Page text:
- Understand those risks (likelihood, impact, and contexts in which they occur)
- Prioritize risks (which risks to avoid, which to accept and manage, which to accept with no risk management)
- Review risk management strategy options (understand both strengths and weaknesses)
- Make your decision (as to which risk management initiatives to use/not use)
- Ongoing monitoring (schedule regular ongoing plan reviews, which are easy to incorporate into your regular investor review meetings)
As with financial planning, after the initial risk management and financial plan is completed, a risk and risk management review should be part of the ongoing financial plan review process.
The Future of Risk Management Planning
Thirty years ago, financial planning was just getting started. There were very few planners, and there were very few people with financial plans. Even those people who had plans often didn't fully implement their plans, or they didn't monitor or update them as they should have. In 2010, things are very different. A financial plan is considered by almost everyone as the first, critical, and absolutely necessary step to achieving long-term financial success.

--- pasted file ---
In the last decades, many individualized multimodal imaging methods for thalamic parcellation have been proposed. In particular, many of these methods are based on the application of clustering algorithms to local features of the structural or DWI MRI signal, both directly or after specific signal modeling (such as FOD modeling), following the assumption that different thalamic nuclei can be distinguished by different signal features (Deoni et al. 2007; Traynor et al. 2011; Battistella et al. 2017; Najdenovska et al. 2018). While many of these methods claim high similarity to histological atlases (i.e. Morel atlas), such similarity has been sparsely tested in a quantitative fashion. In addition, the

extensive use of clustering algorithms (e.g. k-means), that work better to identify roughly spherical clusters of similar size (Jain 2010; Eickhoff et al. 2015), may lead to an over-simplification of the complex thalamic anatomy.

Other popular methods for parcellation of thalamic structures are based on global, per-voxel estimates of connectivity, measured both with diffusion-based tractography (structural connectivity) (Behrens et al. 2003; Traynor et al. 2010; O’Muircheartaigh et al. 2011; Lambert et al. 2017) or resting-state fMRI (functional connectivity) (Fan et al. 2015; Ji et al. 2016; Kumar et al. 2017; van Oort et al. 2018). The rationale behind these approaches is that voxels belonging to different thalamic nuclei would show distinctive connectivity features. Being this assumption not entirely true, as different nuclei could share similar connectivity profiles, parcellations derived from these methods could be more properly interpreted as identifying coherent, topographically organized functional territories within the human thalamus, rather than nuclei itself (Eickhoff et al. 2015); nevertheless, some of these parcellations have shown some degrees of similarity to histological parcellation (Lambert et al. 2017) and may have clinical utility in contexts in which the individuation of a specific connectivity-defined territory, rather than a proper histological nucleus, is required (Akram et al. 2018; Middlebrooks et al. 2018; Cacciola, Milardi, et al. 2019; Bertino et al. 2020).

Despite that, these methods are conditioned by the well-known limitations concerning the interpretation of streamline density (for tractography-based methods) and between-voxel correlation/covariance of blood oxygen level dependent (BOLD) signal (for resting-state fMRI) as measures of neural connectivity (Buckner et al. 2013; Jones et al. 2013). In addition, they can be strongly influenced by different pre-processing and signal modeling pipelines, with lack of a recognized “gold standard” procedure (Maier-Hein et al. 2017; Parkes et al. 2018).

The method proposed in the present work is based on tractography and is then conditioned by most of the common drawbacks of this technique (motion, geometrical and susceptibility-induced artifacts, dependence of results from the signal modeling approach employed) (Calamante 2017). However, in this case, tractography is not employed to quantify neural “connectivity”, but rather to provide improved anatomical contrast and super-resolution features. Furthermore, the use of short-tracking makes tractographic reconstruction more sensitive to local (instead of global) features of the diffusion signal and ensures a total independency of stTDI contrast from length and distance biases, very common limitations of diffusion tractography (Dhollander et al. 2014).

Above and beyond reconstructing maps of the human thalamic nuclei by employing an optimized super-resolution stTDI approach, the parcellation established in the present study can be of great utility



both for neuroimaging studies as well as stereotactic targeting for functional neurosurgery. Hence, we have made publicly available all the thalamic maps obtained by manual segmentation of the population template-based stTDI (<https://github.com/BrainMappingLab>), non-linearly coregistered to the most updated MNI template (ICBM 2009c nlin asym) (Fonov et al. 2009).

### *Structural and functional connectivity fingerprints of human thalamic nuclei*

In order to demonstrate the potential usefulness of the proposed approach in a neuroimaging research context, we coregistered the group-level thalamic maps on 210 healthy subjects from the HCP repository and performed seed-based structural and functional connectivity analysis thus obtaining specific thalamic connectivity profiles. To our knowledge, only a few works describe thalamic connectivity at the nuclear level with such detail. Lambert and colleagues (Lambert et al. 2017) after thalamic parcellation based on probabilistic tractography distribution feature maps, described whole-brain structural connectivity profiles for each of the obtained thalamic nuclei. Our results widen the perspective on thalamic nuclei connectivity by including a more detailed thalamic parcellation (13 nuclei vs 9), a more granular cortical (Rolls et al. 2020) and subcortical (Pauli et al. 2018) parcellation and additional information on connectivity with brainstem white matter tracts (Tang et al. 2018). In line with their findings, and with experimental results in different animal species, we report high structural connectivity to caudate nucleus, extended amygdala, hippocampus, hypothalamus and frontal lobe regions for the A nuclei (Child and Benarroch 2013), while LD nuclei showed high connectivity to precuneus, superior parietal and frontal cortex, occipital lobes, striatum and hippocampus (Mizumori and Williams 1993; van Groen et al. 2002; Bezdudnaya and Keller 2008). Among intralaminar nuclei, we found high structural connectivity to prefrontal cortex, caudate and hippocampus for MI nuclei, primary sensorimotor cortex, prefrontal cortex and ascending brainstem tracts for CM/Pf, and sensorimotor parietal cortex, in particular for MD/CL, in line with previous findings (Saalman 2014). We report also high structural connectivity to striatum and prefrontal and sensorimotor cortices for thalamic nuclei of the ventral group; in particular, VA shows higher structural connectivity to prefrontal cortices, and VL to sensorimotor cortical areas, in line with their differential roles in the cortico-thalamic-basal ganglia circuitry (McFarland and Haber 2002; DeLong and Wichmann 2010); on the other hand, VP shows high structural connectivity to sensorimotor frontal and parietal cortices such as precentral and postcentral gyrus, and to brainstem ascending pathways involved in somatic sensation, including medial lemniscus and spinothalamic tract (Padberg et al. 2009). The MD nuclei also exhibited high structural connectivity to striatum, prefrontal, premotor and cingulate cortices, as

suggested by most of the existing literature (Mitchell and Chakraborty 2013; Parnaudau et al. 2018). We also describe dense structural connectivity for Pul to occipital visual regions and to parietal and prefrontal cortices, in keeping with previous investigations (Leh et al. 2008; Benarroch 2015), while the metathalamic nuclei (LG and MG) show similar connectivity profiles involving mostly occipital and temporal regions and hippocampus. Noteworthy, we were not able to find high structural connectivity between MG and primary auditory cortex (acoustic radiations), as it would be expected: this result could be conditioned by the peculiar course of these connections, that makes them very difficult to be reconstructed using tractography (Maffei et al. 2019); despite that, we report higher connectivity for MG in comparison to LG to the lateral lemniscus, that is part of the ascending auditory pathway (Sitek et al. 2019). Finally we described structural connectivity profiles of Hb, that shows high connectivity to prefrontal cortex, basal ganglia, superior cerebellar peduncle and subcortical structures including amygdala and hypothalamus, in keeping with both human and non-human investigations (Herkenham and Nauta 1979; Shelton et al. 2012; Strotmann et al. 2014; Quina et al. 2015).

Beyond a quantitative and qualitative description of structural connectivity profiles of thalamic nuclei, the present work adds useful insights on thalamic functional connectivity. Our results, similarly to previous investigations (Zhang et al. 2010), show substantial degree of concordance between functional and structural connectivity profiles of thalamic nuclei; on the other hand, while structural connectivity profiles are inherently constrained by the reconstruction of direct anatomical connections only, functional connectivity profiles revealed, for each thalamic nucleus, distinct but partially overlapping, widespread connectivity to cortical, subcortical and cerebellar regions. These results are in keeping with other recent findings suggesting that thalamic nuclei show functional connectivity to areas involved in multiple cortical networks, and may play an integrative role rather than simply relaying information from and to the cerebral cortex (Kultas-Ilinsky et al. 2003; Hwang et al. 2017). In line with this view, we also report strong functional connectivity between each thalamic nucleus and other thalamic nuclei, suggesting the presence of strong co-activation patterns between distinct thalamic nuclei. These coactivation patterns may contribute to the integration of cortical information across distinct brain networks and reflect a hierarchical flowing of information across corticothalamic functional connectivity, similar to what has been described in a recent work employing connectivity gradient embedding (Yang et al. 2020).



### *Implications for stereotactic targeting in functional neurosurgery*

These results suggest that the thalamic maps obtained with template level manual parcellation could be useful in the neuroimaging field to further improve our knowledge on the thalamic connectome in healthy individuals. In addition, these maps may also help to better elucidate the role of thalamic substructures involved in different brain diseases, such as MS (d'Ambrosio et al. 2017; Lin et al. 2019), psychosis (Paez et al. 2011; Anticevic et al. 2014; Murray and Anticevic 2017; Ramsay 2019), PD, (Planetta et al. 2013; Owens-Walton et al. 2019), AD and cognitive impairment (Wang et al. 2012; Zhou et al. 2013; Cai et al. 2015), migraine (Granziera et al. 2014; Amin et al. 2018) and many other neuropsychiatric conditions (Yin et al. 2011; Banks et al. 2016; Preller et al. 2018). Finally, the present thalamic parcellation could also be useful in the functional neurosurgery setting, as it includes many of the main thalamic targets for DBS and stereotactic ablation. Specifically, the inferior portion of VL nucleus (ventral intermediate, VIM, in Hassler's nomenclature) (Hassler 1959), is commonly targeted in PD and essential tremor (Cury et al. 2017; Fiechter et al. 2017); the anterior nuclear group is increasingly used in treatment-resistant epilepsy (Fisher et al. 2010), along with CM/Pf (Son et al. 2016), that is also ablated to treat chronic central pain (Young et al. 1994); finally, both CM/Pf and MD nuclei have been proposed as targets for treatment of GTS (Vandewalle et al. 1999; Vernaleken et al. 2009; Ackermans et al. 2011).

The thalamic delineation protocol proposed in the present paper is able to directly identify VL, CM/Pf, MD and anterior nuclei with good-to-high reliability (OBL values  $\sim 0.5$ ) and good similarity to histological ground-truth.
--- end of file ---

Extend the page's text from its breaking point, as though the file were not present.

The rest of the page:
Comprehensive risk management planning is at the same stage of development today that financial planning was 30 years ago. With the continuously accelerating pace of change, increased volatility of all assets, further globalization, and both risks and opportunities coming at us faster and faster, we will soon see comprehensive risk management planning become much more common. Implementing comprehensive risk management planning into your practice will help you convert the forces of accelerating worldwide change and clients' natural anxieties about uncertainty and risk from business challenges to your clients' benefit and your own business advantage.
This article is part of a Trends in Investing Special Report, which will appear in the June 2010 Journal of Financial Planning. For complete coverage of the Special Report, click here.
Read of review of Michael T. Carpenter's book, The Risk-Wise Investor: How To Better Understand and Manage Risk, by FPA member and frequent book reviewer, Jon Ford, CFP®.